Accounting for change in national systems of innovation: A friendly critique based on the U.S. case
Download full text from publisher
As the access to this document is restricted, you may want to search for a different version of it.
References listed on IDEAS
- Richard N. Langlois, 2003.
"The vanishing hand: the changing dynamics of industrial capitalism,"
Industrial and Corporate Change,
Oxford University Press, vol. 12(2), pages 351-385, April.
- Richard N. Langlois, 2001. "The Vanishing Hand: the Changing Dynamics of Industrial Capitalism," Economic History 0110001, University Library of Munich, Germany.
- Richard N. Langlois, 2002. "The Vanishing Hand: the Changing Dynamics of Industrial Capitalism," Working papers 2002-21, University of Connecticut, Department of Economics.
- Jack E. Triplett, 1999. "The Solow productivity paradox: what do computers do to productivity?," Canadian Journal of Economics, Canadian Economics Association, vol. 32(2), pages 309-334, April.
- Oliver E. Williamson, 2000. "The New Institutional Economics: Taking Stock, Looking Ahead," Journal of Economic Literature, American Economic Association, vol. 38(3), pages 595-613, September.
- Austan Goolsbee, 2000. "In a World Without Borders: The Impact of Taxes on Internet Commerce," The Quarterly Journal of Economics, Oxford University Press, vol. 115(2), pages 561-576.
- Nicholas Bloom & Raffaella Sadun & John Van Reenen, 2012.
"Americans Do IT Better: US Multinationals and the Productivity Miracle,"
American Economic Review,
American Economic Association, vol. 102(1), pages 167-201, February.
- Nick Bloom & Raffaella Sadun & John Van Reenen, 2007. "Americans Do I.T. Better: US Multinationals and the Productivity Miracle," CEP Discussion Papers dp0788, Centre for Economic Performance, LSE.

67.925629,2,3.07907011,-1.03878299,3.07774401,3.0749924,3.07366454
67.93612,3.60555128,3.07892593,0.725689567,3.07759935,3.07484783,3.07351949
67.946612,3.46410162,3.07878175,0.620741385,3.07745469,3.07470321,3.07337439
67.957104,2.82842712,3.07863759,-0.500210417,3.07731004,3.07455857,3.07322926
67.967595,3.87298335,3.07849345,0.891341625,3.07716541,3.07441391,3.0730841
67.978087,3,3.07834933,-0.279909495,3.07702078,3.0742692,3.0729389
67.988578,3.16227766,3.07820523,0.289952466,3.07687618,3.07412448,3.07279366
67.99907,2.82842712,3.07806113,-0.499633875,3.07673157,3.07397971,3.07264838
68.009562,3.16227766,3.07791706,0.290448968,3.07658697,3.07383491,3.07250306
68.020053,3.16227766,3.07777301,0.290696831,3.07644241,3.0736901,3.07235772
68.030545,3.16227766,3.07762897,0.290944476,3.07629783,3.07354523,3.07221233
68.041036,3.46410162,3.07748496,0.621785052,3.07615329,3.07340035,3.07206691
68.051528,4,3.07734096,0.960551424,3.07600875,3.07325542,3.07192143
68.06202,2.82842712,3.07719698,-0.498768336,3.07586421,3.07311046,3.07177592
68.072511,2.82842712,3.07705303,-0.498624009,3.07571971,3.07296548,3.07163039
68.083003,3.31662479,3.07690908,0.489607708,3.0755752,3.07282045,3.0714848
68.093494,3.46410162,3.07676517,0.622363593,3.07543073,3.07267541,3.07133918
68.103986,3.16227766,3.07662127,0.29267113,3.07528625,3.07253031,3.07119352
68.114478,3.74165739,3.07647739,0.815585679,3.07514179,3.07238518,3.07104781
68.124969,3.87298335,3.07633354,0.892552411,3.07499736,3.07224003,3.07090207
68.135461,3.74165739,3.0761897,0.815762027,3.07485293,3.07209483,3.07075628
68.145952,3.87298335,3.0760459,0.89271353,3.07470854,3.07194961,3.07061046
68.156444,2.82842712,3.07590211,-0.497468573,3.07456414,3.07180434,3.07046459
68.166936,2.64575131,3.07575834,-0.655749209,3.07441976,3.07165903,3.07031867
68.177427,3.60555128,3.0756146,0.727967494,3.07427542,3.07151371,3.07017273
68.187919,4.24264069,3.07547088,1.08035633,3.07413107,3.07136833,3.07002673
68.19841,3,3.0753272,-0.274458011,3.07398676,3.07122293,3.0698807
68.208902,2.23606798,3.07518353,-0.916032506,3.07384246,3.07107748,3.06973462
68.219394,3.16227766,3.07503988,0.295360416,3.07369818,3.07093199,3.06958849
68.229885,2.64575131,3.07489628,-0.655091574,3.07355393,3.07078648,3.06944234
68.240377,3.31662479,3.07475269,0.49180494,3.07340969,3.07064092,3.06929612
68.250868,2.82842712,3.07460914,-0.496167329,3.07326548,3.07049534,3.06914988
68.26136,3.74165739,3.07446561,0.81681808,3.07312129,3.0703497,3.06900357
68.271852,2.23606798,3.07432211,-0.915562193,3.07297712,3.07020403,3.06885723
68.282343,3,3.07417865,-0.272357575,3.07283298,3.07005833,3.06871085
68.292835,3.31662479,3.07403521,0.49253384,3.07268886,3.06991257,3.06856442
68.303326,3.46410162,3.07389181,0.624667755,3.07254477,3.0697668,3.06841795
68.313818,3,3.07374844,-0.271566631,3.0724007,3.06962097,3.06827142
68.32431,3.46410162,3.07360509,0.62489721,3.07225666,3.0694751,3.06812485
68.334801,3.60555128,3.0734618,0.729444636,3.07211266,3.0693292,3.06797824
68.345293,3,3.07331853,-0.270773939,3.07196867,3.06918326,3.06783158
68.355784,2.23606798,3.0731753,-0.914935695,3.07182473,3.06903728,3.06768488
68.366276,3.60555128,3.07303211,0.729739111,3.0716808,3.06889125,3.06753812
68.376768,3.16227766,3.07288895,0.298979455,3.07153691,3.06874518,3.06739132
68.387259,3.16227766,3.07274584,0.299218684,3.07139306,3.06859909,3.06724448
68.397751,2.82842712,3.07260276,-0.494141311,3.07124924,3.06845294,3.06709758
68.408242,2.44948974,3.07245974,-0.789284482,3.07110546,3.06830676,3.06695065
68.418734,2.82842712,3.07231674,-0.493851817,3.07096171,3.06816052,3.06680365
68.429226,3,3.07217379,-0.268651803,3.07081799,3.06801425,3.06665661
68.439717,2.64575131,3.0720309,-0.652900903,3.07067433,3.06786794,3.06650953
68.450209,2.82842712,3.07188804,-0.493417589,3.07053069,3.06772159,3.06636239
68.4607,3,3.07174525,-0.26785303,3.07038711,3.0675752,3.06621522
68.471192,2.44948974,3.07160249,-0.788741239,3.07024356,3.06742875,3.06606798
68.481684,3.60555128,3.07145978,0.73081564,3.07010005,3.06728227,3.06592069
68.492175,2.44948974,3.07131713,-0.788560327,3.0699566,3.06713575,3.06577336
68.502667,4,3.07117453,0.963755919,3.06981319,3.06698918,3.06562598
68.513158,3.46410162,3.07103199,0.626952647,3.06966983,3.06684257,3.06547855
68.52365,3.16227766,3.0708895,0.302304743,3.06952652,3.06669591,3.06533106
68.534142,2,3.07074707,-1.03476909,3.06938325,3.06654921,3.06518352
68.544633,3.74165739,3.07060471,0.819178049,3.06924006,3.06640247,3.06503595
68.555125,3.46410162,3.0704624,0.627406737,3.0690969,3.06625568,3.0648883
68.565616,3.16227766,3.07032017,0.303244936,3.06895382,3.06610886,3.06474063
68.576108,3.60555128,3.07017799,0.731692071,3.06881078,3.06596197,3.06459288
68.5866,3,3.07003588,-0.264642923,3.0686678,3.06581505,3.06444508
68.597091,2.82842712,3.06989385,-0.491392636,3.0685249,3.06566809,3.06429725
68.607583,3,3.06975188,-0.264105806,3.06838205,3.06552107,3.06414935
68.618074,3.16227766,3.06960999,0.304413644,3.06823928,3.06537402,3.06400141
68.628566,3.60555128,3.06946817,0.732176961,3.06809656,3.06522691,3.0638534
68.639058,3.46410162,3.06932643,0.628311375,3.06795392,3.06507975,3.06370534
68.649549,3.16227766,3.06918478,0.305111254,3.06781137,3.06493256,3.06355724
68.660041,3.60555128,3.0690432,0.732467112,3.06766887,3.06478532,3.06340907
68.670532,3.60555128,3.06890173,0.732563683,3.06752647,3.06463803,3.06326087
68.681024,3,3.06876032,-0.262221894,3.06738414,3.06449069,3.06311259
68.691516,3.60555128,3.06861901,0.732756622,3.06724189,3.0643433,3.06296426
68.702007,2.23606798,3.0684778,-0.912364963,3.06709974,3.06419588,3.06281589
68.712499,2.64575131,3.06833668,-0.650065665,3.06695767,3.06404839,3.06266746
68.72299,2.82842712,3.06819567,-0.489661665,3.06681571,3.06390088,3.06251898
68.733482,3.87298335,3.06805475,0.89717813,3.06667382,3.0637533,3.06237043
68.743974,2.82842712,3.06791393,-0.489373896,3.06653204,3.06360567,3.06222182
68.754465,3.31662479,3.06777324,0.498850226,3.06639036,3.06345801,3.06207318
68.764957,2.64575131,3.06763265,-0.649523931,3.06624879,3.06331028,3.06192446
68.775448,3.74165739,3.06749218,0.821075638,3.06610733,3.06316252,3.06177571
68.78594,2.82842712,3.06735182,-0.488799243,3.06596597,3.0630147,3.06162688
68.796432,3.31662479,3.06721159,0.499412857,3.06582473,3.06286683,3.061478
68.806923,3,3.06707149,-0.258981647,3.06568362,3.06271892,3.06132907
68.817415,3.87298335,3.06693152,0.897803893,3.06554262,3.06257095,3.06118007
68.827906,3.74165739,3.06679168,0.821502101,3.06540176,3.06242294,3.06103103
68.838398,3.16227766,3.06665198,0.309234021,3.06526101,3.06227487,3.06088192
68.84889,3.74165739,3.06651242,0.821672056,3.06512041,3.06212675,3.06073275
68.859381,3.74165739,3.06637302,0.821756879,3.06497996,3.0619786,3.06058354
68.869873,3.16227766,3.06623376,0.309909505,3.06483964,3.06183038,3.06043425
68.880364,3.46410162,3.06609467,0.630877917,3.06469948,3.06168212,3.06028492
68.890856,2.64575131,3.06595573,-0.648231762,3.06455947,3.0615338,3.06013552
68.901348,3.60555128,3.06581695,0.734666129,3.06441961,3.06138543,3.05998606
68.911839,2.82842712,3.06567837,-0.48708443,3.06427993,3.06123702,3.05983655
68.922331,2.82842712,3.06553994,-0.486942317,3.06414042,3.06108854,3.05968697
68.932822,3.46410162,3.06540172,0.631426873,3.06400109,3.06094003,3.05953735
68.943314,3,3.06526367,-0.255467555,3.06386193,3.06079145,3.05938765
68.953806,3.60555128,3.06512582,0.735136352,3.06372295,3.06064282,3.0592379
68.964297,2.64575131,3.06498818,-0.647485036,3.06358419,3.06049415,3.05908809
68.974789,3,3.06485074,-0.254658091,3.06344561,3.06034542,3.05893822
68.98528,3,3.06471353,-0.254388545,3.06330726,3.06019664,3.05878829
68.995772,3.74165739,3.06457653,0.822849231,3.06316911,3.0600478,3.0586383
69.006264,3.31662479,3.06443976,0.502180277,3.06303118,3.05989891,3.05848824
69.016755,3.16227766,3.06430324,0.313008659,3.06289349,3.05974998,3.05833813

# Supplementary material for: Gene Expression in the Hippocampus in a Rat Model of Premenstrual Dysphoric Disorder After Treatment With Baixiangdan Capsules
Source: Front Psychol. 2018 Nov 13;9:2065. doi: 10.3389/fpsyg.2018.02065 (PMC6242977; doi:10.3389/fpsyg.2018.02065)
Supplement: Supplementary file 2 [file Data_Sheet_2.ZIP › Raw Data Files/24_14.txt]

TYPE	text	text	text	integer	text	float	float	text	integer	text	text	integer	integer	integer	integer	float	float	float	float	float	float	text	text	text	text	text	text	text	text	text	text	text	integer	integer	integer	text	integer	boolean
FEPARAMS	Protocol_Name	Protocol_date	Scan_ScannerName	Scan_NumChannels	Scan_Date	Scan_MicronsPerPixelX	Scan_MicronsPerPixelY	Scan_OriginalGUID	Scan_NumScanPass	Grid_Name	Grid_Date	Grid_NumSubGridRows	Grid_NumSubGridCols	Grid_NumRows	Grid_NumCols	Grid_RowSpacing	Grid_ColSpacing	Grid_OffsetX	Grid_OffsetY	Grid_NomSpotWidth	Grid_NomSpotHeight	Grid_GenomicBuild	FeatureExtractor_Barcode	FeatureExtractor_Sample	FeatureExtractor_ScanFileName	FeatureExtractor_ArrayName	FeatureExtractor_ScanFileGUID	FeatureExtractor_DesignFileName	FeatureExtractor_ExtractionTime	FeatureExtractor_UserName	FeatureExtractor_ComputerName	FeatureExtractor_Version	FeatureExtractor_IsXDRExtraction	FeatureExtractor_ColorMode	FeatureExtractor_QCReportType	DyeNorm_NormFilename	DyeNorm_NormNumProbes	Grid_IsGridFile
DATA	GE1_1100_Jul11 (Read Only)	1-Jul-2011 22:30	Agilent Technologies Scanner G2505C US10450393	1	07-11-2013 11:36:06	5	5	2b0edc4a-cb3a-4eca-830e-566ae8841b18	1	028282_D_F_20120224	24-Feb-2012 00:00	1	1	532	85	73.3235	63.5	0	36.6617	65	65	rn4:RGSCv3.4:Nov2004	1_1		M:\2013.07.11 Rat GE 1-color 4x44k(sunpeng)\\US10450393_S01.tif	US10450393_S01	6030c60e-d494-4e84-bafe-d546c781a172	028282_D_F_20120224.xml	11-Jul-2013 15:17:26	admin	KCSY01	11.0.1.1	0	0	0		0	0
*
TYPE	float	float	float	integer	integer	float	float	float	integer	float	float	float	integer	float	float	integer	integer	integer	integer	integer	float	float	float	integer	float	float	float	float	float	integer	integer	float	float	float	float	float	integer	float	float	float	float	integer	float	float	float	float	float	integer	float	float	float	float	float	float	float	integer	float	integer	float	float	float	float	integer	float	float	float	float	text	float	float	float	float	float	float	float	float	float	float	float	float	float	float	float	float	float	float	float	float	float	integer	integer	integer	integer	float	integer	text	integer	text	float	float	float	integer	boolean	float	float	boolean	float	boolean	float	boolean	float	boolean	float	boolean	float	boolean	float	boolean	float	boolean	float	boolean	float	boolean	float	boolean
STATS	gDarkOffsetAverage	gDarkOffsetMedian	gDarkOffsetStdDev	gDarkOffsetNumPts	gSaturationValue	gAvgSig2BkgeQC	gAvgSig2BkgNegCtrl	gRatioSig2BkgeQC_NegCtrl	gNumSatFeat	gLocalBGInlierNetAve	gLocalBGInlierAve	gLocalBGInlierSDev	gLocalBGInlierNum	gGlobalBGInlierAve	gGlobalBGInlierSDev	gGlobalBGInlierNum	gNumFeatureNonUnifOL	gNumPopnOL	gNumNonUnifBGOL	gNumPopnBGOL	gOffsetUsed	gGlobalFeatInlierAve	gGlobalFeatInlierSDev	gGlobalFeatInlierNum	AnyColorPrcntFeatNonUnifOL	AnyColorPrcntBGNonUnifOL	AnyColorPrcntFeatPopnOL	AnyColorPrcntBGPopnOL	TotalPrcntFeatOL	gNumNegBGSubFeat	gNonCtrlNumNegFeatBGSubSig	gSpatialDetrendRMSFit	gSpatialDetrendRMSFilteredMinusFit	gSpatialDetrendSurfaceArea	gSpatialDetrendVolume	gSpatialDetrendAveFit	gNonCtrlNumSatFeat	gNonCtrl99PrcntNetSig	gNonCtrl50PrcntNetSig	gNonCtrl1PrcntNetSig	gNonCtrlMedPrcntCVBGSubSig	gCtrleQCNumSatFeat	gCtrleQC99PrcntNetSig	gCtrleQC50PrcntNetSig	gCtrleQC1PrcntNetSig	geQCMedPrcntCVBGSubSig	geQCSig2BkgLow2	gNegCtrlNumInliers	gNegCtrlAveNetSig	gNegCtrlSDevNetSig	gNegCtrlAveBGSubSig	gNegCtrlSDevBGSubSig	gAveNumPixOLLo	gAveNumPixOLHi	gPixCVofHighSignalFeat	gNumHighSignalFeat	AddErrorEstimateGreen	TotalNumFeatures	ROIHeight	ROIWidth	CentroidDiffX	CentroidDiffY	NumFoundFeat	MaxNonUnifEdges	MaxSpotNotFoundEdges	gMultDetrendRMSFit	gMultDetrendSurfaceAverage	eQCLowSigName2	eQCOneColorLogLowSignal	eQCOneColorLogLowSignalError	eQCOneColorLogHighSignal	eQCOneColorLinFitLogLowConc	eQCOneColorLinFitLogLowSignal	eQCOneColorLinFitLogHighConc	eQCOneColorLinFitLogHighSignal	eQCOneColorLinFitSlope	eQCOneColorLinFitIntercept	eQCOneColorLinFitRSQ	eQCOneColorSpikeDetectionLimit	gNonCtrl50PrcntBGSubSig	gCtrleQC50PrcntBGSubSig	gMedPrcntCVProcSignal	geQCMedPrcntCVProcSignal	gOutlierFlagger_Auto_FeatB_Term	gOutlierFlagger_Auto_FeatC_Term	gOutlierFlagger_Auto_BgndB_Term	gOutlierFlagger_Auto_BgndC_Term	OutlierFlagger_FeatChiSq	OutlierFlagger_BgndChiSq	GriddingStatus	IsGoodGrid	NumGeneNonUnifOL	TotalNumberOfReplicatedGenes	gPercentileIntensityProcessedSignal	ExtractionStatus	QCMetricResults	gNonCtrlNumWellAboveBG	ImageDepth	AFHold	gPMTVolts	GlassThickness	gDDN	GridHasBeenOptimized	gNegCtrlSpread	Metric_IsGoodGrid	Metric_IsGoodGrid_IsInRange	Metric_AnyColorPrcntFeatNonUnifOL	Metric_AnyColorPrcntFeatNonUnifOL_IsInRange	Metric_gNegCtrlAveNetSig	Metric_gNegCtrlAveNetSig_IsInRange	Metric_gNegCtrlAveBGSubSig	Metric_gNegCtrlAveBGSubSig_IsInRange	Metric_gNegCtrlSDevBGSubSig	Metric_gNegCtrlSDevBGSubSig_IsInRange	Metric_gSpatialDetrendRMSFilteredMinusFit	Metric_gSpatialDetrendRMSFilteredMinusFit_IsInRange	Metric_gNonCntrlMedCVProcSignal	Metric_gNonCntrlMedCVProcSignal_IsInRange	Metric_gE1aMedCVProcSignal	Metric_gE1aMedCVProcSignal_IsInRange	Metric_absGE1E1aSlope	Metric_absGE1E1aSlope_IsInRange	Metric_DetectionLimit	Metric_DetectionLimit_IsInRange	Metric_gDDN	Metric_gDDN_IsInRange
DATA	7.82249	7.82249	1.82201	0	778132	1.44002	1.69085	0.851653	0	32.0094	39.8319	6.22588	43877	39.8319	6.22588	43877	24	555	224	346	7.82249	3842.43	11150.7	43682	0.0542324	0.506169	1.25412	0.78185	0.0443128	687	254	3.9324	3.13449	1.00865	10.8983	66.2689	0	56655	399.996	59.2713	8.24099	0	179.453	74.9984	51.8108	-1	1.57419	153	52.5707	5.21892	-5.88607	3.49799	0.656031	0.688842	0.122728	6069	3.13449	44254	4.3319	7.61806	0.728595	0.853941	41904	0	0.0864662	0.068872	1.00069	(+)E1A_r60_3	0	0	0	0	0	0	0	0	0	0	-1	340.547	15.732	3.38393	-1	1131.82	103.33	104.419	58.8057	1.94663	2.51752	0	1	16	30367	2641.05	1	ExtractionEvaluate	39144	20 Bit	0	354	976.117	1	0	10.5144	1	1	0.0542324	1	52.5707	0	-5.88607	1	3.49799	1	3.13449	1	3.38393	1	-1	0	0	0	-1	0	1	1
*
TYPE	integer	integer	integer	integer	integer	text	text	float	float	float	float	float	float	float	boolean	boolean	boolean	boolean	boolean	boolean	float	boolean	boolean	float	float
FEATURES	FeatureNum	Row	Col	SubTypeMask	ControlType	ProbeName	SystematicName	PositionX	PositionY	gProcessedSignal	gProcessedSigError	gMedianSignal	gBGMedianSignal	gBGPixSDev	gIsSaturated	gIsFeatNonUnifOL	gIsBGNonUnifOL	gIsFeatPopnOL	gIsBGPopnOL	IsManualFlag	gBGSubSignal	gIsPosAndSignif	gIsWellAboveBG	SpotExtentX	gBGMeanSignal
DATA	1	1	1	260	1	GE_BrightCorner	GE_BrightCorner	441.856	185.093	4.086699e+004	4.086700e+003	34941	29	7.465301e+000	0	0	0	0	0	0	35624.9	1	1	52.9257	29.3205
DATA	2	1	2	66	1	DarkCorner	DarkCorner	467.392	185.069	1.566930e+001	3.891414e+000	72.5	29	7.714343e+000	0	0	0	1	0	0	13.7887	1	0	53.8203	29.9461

- Bloom, Nick & Sadun, Raffaella & Van Reenen, John, 2007. "Americans do I.T. better: US multinationals and the productivity miracle," LSE Research Online Documents on Economics 4555, London School of Economics and Political Science, LSE Library.
- Nicholas Bloom & Raffaella Sadun & John Van Reenen, 2007. "Americans Do I.T. Better: US Multinationals and the Productivity Miracle," NBER Working Papers 13085, National Bureau of Economic Research, Inc.
- Bloom, Nicholas & Sadun, Raffaella & Van Reenen, John, 2007. "Americans Do I.T. Better: US Multinationals and the Productivity Miracle," CEPR Discussion Papers 6291, C.E.P.R. Discussion Papers.
- Robert J. Gordon, 2004.
"Why was Europe Left at the Station When America's Productivity Locomotive Departed?,"
NBER Working Papers
10661, National Bureau of Economic Research, Inc.
- Gordon, Robert J, 2004. "Why Was Europe Left at the Station when America's Productivity Locomotive Departed?," CEPR Discussion Papers 4416, C.E.P.R. Discussion Papers.
- L. Randall Wray & Stephanie Bell, 2004. "Introduction," Chapters, in: L. Randall Wray (ed.), Credit and State Theories of Money, chapter 1, Edward Elgar Publishing.
- Sharif, Naubahar, 2006. "Emergence and development of the National Innovation Systems concept," Research Policy, Elsevier, vol. 35(5), pages 745-766, June.
- Carlsson, Bo, 2006. "Internationalization of innovation systems: A survey of the literature," Research Policy, Elsevier, vol. 35(1), pages 56-67, February.
- Lundvall, Bengt-Ake & Johnson, Bjorn & Andersen, Esben Sloth & Dalum, Bent, 2002. "National systems of production, innovation and competence building," Research Policy, Elsevier, vol. 31(2), pages 213-231, February.
- Chris Benner, 2003. "Learning communities in a learning region: the soft infrastructure of cross-firm learning networks in Silicon Valley," Environment and Planning A, Pion Ltd, London, vol. 35(10), pages 1809-1830, October.
- Nelson, Richard R. & Nelson, Katherine, 2002. "Technology, institutions, and innovation systems," Research Policy, Elsevier, vol. 31(2), pages 265-272, February.
- Mowery, David C., 1992. "The U.S. national innovation system: Origins and prospects for change," Research Policy, Elsevier, vol. 21(2), pages 125-144, April.
- Freeman, Chris & Louca, Francisco, 2002.
"As Time Goes By: From the Industrial Revolutions to the Information Revolution,"